By Shauna Curphey
Thursday, May 2, 2002
A Connecticut senator and advocates for child-care workers are attempting to rekindle interest in stalled legislation aimed at increasing the education and wages of those tending to the nation's children under age 6.
(WOMENSENEWS)--April Turner's hourly wage of $13.98 as an assistant director at the Beverly Farms Child Care Center in Potomac, Md., is nearly double the median earnings in her field, yet she can't afford to send her two sons there. She works a second job on weekends at a center for senior citizens so that the family can pay child-care expenses for the two boys, insurance, rent, car payments and other bills.
"The only way we can keep quality staff is quality pay," Turner says. "Parents can't afford to pay more. I know I can't."
Turner's predicament reflects a national dilemma. Though research shows that high turnover rates and lack of training in the child-care workforce contribute to lower quality of care, educated child-care workers can't afford to stay in the field and parents can't afford to pay more to keep them there.
Advocates hope that a study released Wednesday will encourage legislators to improve the compensation of child-care workers. The study, a joint effort of the Center for the Child Care Workforce and the University of Washington's Human Services Policy Center, estimates that there are 2.3 million paid caregivers in the child-care workforce. The figures reveal a larger child-care sector than previously indicated by the U.S. Bureau of Labor Statistics and the Census Bureau, which the authors believe failed to completely tally the self-employed members of the workforce.
Marci Young, executive director of the Center for the Child Care Workforce, says the study will aid policymakers when they budget for legislation such as the Focus on Committed and Underpaid Staff for Children's Sake Act, commonly referred to as FOCUS.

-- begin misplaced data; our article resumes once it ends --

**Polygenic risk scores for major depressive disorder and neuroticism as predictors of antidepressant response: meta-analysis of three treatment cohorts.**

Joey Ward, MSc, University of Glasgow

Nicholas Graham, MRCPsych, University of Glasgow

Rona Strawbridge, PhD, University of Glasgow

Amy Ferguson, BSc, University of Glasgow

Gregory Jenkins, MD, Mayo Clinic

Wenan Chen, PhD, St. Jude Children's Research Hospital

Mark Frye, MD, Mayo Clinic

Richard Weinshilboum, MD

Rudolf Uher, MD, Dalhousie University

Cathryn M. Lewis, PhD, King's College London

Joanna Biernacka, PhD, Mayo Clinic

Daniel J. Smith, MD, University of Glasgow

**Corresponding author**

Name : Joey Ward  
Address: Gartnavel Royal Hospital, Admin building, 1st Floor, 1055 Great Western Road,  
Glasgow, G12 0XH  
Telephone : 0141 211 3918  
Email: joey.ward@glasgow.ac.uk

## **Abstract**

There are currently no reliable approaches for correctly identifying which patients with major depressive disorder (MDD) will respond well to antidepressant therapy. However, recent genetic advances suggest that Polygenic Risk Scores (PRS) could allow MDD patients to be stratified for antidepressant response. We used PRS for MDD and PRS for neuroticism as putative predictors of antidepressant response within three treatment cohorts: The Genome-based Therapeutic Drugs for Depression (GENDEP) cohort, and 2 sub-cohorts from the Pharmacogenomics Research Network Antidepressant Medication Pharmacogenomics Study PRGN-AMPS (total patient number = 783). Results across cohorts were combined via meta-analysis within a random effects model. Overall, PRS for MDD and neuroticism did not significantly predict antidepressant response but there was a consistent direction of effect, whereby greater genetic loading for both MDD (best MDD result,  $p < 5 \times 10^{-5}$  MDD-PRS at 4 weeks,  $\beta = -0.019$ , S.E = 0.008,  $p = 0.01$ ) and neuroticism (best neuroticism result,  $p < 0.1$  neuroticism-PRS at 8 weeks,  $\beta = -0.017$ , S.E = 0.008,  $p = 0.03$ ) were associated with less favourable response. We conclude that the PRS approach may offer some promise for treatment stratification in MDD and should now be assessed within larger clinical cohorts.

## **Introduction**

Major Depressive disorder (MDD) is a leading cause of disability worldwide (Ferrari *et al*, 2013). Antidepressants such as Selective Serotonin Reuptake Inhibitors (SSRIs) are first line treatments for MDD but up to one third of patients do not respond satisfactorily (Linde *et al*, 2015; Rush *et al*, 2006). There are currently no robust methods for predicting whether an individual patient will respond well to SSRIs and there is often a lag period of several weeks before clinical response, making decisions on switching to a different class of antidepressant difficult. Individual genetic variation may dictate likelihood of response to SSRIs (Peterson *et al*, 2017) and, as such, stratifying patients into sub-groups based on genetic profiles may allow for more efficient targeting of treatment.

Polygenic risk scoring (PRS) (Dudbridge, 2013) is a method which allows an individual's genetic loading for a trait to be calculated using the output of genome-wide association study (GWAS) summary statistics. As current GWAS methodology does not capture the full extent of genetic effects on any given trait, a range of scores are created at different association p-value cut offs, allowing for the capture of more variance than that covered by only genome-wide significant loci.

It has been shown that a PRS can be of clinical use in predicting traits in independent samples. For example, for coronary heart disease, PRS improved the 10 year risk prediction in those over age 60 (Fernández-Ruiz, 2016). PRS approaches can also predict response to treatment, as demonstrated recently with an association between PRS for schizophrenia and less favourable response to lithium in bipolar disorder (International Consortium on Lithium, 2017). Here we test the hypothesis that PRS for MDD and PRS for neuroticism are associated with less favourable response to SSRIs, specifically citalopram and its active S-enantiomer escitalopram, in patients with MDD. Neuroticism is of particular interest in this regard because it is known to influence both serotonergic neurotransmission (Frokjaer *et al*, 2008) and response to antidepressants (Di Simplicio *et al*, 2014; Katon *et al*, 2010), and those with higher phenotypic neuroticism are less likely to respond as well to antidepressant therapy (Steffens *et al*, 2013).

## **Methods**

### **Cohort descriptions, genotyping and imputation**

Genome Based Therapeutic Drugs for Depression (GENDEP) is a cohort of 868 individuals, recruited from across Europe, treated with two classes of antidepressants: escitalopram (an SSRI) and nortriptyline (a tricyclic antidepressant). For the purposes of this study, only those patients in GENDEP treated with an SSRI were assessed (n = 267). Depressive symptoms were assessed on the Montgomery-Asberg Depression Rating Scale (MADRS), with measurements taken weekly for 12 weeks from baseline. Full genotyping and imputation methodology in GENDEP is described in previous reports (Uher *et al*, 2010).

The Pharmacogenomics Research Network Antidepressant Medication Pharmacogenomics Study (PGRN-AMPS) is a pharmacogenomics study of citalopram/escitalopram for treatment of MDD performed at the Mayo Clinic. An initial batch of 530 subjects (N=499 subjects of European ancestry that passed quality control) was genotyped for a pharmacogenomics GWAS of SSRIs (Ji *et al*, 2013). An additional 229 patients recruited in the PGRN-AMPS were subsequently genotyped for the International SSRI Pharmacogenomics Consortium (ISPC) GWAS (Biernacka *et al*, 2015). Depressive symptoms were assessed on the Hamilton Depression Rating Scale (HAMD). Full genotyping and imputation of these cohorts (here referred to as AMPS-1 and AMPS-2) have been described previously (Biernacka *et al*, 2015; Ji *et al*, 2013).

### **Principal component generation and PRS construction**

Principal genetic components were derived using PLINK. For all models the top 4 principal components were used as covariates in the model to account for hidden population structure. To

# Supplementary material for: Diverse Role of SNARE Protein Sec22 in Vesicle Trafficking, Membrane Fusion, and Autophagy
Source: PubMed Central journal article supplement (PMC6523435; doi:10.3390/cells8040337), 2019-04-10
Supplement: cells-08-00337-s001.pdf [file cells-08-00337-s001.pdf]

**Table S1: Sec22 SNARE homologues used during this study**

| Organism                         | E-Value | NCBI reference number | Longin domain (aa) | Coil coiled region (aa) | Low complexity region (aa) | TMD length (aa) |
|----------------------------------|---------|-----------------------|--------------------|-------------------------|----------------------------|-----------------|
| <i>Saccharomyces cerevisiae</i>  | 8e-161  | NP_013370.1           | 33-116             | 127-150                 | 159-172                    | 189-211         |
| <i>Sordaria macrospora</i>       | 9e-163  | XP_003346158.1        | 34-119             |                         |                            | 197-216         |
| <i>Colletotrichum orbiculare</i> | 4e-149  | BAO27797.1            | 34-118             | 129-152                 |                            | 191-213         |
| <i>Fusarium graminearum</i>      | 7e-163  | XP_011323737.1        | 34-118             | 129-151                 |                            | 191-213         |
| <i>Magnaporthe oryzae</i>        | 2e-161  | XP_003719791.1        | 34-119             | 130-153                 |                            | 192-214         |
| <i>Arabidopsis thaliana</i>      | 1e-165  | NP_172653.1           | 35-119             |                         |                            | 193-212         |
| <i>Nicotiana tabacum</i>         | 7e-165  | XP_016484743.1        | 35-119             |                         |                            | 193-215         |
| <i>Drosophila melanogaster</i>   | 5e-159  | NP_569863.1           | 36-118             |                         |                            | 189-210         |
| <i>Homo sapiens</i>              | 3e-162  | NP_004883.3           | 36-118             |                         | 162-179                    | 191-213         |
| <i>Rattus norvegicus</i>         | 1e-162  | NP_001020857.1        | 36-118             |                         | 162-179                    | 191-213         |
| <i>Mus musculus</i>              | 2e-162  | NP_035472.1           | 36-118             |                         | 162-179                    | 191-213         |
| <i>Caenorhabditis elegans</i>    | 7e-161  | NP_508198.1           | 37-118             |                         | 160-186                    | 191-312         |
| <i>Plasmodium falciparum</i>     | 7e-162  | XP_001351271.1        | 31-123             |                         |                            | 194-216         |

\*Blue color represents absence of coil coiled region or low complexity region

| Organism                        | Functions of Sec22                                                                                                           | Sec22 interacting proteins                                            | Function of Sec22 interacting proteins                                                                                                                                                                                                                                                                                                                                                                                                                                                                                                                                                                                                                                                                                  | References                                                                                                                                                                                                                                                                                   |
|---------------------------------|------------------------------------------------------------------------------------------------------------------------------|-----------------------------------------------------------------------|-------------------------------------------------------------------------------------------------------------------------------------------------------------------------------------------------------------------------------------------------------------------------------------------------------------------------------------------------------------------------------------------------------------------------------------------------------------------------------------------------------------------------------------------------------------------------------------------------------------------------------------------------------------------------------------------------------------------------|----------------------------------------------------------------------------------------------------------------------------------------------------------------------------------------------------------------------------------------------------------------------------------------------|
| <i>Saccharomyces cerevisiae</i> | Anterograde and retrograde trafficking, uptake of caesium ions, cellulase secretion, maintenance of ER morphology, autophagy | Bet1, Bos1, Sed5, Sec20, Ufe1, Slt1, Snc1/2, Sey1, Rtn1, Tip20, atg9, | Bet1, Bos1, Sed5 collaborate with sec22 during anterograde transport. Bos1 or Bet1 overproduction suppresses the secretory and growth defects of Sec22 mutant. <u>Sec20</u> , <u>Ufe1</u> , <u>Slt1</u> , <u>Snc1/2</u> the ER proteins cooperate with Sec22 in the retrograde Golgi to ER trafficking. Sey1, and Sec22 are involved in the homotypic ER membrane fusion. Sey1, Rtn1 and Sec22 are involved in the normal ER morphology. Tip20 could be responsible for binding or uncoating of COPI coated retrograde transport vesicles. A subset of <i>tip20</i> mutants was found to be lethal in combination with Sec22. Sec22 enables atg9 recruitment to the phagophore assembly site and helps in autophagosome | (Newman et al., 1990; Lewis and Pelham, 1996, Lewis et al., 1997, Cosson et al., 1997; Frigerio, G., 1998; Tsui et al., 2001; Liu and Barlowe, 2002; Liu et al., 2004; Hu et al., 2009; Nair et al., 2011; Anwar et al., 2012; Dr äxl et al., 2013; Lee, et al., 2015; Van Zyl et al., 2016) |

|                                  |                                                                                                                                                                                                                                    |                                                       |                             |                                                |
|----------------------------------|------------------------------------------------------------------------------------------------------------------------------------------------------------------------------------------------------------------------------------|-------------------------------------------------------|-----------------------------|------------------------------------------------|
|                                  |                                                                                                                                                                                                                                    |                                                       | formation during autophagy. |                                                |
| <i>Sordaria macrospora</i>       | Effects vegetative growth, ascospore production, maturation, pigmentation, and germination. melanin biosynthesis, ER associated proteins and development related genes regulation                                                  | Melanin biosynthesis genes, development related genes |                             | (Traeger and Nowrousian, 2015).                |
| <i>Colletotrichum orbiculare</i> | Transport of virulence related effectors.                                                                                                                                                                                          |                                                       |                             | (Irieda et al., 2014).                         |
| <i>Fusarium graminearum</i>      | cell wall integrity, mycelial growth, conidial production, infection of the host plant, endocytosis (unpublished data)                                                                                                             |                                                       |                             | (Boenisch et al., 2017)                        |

U.S. Sen. Chris Dodd, a Connecticut Democrat, introduced the legislation last year, the first proposed federal legislation specifically targeted toward improving training and wages in the child-care workforce. It would provide funding to states for annual stipends to encourage child-care teacher retention. It would also offer scholarships for child-care workers to receive formal training in early-childhood education.
In a recent Senate committee hearing on improving child care, Dodd told his colleagues, "It's a crime that child-care workers, on average, earn around $16,000 a year . . . If we are to expect better outcomes for children, then we must first work to strengthen the child-care workforce."
The median hourly wage for child-care workers was $7.43 in 2000--just 11 cents more than median hourly pay for pet-shop clerks and far less than half the median earnings of elementary school teachers, according to the U.S. Department of Labor. Most child-care workers do not have health insurance or a pension plan and only 4 percent are represented by a union, according to recent research by the center.
These low wages and meager benefits contribute to a 30 percent average annual turnover rate among child-care staff, those in the field argue. This churning of the child-care workforce affects the three out of five children under age 6 who spend an average of 30 hours per week cared for by someone other than their parents.
Although there are no estimates available on the actual shortage of child-care workers, the University of Washington research indicates that the current turnover rates mean that 211,000 people need to join the child-care workforce annually to keep up.
At the same time, tuition for full-day child-care programs can cost families from $4,000 to $10,000 annually, according to research by the Children's Defense Fund. But space and equipment expenses and the staff-intensive nature of the work mean the high fees translate into low wages. In fact, the children often receive mediocre child care, despite the high cost.